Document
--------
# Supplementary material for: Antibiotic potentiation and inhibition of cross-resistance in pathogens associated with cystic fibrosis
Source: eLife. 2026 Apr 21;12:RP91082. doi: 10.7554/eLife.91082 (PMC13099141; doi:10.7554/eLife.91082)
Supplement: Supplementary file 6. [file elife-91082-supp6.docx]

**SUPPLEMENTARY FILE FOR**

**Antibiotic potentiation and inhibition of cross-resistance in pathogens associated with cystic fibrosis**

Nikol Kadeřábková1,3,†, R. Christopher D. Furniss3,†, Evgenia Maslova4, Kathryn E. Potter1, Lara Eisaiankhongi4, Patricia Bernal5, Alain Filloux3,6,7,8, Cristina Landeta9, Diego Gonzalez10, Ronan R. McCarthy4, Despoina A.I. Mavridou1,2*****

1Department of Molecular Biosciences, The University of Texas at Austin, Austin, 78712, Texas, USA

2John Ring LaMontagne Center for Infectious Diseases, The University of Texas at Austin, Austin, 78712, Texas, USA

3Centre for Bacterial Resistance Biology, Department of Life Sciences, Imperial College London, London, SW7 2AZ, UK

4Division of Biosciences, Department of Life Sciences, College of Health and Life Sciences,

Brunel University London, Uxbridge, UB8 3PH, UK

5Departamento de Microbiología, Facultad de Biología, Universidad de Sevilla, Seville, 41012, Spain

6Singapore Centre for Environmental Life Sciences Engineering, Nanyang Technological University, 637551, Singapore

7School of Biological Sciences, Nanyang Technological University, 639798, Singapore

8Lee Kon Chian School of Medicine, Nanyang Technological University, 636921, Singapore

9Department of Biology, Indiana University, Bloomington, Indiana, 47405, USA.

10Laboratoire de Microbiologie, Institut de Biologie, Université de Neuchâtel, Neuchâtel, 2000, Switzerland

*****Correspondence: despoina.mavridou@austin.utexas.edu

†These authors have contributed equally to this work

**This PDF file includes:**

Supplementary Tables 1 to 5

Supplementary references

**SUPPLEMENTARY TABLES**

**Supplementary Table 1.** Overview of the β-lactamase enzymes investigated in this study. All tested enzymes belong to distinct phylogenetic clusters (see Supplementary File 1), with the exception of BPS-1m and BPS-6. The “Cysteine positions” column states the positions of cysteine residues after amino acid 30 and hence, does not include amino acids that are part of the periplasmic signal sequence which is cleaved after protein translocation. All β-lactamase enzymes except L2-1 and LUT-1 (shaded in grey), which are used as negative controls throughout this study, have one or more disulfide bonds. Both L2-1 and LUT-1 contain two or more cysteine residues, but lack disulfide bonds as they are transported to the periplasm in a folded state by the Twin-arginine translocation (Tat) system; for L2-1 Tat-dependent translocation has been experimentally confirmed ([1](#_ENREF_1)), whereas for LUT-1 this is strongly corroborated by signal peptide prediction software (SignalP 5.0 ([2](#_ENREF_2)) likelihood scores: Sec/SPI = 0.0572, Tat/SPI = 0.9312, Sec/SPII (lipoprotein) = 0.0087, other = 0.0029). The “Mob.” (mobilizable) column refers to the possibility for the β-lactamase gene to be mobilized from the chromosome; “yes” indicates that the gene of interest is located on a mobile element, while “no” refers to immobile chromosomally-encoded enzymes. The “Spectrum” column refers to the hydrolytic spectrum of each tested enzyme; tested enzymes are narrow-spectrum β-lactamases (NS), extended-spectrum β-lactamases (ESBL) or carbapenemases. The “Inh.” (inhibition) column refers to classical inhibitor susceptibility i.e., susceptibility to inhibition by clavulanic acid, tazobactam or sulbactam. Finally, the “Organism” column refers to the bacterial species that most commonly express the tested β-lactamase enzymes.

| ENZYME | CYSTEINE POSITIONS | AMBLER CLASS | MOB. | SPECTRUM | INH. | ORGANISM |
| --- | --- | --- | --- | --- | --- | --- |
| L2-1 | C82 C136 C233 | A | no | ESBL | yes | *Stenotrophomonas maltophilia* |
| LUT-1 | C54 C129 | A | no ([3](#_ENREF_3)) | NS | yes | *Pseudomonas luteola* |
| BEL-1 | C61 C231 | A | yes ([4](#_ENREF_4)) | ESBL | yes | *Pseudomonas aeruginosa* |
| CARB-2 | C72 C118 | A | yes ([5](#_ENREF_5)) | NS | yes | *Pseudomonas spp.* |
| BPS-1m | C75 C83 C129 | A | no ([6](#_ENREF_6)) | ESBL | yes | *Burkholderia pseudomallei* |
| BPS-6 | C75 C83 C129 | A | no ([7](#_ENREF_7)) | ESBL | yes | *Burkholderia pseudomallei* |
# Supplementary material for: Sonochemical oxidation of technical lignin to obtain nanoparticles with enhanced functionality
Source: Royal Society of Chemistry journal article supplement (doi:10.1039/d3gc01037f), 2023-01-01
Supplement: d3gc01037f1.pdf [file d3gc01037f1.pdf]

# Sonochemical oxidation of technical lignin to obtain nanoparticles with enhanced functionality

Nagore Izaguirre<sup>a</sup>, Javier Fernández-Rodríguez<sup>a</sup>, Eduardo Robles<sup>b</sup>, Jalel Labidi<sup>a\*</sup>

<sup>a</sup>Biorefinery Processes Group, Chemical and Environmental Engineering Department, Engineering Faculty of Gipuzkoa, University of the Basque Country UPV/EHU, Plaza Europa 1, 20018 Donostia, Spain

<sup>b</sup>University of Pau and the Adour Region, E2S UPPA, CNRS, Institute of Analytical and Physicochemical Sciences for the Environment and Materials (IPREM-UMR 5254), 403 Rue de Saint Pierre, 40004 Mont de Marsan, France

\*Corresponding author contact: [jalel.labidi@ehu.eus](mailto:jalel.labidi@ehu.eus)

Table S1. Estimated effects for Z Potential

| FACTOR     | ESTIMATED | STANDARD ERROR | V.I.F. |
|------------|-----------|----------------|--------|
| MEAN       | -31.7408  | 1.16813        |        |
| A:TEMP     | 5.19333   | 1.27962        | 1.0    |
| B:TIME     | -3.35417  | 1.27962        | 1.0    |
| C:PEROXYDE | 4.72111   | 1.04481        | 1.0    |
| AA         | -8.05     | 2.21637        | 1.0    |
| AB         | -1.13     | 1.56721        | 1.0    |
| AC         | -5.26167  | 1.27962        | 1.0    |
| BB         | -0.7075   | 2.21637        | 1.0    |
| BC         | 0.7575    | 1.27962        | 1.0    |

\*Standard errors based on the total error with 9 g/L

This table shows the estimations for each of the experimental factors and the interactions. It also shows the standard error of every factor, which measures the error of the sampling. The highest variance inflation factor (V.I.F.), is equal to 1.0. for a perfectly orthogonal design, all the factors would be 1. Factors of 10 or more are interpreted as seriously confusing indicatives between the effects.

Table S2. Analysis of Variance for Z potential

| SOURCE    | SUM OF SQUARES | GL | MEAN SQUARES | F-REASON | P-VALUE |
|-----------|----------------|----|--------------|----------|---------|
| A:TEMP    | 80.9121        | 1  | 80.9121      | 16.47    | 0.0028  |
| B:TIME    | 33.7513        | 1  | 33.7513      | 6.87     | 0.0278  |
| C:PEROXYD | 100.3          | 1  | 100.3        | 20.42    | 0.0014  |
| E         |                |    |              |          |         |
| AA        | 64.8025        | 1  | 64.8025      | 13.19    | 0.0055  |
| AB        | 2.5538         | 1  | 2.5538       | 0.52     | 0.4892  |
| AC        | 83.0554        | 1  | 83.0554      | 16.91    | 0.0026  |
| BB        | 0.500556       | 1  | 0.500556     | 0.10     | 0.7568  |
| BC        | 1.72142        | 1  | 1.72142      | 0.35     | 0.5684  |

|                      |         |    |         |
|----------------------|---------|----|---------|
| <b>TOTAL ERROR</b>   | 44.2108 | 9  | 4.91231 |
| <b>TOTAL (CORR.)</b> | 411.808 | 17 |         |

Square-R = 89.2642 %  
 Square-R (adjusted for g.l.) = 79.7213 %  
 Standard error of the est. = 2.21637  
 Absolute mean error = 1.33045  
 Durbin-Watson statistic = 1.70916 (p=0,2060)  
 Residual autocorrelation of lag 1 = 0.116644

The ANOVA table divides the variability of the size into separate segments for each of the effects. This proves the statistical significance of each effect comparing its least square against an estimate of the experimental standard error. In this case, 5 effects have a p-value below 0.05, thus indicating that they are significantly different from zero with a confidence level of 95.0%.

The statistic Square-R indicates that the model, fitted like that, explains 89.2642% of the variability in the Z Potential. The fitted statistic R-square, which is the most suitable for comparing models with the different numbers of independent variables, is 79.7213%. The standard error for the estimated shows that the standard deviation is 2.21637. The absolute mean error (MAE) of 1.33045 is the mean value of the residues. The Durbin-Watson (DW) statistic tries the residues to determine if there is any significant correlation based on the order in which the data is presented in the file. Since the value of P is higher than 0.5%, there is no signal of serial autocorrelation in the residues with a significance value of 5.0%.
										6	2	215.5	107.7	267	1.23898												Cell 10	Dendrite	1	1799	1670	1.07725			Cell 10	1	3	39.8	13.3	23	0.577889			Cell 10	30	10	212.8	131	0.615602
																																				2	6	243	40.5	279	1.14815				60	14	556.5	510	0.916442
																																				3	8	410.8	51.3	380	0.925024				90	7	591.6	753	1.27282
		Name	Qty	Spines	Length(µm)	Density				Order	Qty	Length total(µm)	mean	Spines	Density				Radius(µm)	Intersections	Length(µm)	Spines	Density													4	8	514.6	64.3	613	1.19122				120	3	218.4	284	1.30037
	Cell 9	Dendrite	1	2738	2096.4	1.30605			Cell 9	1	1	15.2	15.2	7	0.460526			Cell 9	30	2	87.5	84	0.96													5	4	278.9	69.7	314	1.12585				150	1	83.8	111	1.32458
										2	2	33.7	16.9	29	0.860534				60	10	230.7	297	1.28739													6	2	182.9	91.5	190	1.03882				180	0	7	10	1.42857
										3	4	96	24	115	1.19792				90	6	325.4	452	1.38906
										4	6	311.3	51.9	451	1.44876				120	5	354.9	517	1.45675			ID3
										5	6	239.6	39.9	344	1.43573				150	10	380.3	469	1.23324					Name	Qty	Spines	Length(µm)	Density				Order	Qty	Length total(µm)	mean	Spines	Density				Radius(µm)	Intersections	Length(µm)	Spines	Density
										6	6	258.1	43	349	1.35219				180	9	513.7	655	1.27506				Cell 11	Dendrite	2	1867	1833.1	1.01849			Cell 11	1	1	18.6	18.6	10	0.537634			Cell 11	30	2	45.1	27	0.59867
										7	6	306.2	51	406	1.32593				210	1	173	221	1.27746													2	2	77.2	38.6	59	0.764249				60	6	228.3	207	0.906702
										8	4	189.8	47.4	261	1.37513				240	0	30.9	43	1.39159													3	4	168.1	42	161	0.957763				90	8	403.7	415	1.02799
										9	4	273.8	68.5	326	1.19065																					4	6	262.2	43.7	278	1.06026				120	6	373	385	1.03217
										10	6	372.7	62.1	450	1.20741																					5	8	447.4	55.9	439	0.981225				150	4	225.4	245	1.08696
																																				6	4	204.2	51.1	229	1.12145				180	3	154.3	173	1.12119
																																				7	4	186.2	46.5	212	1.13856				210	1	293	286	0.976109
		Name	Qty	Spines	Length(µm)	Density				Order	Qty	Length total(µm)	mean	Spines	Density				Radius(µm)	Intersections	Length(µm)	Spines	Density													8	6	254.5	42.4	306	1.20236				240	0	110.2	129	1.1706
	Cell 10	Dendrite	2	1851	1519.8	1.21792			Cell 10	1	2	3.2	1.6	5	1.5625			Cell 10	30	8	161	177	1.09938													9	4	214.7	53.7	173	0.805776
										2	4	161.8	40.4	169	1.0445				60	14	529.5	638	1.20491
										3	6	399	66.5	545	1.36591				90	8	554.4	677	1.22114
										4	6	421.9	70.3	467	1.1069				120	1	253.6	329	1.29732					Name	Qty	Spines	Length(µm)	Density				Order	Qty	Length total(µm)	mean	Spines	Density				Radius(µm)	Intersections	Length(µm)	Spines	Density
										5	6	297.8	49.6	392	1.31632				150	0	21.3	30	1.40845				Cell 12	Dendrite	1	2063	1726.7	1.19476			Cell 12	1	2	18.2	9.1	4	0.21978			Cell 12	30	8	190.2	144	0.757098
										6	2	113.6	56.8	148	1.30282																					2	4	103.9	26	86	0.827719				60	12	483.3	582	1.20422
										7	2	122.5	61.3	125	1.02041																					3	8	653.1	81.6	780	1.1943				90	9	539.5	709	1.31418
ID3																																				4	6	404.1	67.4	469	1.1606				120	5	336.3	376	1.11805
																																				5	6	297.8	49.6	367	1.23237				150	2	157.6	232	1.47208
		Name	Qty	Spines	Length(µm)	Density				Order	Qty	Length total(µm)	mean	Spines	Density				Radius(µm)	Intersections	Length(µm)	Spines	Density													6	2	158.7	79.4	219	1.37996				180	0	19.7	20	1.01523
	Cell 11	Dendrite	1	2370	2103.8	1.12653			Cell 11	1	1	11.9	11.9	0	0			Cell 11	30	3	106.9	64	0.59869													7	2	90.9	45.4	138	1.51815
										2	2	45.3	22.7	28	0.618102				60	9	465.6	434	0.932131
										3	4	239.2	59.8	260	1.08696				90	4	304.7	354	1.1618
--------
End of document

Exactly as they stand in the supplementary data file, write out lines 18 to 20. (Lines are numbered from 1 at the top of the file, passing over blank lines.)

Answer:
*****Correspondence: despoina.mavridou@austin.utexas.edu

†These authors have contributed equally to this work

**This PDF file includes:**